"My idea of damage is different to yours"

Last night i attended a lively debate on the mining issue in Wellington.  Two teams went head to head over the proposition: To Mine or Not to Mine? Wallace Chapman from TVNZ's Back Benches programme faced the challenge of keeping the lively crowd under control. It had a great traditional town meeting feeling about it. The atmosphere was energised and  the room was overflowing.

Speaking on the pro-mining side was mining advocate Straterra Spokesperson Chris Baker, Export New Zealand Executive Director Catherine Beard (ex-Executive Director of the main climate polluters lobby Greenhouse Policy Coalition) and Young Nat and university debater Nick Cross.

Speaking for conservation were Wellington conservationist Rachel Anderson-Smith, Green Party co-leader Metiria Turei and Forest and Bird conservation advocate Quentin Duthie. Rachel is the daughter of noted conservationist Kevin Smith who died in 2005.

Rachel told the audience that her father was involved in the compromise that established Schedule 4 of the Crown Minerals Act, allowing miners to access most public conservation land, but setting aside some of the most precious parts in Schedule 4 so they would never be mined.  She argued that the Government had broken the truce between the mining industry and the conservation movement.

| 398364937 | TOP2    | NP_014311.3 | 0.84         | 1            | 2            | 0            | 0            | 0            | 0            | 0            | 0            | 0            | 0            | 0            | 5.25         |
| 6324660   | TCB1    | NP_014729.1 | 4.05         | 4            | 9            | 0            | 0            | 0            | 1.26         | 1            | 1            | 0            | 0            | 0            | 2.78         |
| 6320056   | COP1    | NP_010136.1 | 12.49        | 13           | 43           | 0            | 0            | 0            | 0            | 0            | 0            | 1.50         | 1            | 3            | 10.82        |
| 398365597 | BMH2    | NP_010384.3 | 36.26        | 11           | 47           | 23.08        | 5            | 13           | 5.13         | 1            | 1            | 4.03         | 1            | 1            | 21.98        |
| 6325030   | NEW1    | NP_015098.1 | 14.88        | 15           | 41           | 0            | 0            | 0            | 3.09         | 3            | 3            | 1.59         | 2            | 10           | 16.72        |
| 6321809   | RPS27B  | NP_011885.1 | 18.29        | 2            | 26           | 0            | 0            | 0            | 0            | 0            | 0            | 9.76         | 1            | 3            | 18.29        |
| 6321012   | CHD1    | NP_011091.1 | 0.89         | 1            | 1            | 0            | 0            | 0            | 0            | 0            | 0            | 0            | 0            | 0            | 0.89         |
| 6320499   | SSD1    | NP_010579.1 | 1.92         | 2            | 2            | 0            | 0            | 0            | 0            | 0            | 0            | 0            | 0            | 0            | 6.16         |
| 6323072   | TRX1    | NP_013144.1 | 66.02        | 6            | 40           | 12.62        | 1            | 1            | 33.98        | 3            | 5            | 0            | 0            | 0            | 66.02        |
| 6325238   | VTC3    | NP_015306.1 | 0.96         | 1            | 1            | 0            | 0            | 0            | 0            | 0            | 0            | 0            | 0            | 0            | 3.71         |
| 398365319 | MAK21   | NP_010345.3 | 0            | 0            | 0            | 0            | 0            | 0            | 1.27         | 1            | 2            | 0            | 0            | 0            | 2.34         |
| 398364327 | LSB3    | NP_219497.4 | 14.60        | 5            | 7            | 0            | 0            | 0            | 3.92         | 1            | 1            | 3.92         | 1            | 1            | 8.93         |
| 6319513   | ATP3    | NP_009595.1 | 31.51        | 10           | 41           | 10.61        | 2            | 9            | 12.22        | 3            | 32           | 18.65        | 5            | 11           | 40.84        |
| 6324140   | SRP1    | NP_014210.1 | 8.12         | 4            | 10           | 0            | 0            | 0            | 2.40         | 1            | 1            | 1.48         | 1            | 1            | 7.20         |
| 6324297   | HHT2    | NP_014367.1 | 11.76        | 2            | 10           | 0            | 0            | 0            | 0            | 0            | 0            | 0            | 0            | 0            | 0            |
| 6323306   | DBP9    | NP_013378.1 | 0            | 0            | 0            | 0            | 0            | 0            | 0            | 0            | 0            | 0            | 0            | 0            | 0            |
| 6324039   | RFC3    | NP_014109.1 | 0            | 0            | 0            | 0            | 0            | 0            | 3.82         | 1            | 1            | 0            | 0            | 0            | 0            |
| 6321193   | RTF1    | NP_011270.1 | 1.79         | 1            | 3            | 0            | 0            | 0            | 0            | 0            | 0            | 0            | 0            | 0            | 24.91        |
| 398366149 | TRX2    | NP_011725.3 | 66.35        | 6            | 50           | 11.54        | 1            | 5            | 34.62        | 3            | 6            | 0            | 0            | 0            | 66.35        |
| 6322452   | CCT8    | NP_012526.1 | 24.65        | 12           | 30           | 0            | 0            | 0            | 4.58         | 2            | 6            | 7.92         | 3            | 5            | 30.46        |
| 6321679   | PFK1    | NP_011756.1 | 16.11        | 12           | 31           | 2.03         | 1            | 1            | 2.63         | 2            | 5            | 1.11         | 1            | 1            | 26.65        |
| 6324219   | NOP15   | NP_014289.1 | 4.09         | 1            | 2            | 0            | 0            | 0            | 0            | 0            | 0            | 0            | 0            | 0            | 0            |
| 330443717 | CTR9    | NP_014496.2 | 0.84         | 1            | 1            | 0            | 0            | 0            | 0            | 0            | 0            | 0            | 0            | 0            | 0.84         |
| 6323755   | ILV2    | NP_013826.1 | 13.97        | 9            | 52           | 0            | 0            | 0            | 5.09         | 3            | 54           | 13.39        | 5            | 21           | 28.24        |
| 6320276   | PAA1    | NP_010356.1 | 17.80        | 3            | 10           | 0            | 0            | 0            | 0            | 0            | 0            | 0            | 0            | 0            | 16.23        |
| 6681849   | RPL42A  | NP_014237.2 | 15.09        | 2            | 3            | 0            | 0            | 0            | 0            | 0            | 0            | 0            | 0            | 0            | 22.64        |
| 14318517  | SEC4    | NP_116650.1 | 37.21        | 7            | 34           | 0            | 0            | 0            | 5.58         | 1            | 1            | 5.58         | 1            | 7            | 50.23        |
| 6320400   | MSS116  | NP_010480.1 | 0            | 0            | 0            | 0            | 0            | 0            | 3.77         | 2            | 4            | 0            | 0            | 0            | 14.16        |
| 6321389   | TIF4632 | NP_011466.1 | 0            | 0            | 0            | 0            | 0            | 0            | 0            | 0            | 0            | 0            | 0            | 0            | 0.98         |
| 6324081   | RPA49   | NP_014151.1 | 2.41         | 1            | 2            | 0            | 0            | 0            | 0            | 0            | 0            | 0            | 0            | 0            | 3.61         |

Late, mining lobbyist, Chris Baker stood up, responding to a question from the audience by saying “my idea of damage is different to yours.” Judging by the faces and the noise that followed, “No bloody kidding” was the thought going through the minds of most in the audience.

It really came down to debate over values and the final question to Straterra’s Chris Baker was “was there anywhere you’d say no to mining.”  He said “yes,” but became vague about where that actually might be.   After the debate , Young Nat Nick Cross told me and others who had remained behind that if people wanted to protect the areas from mining or were likely to be affected by mining that they should buy the land! Never mind that we, the people of New Zealand, already own it.  Or for that matter, that the Government has set aside land for mining bought with taxpayers money, that the mining industry wasn’t willing to pay for itself.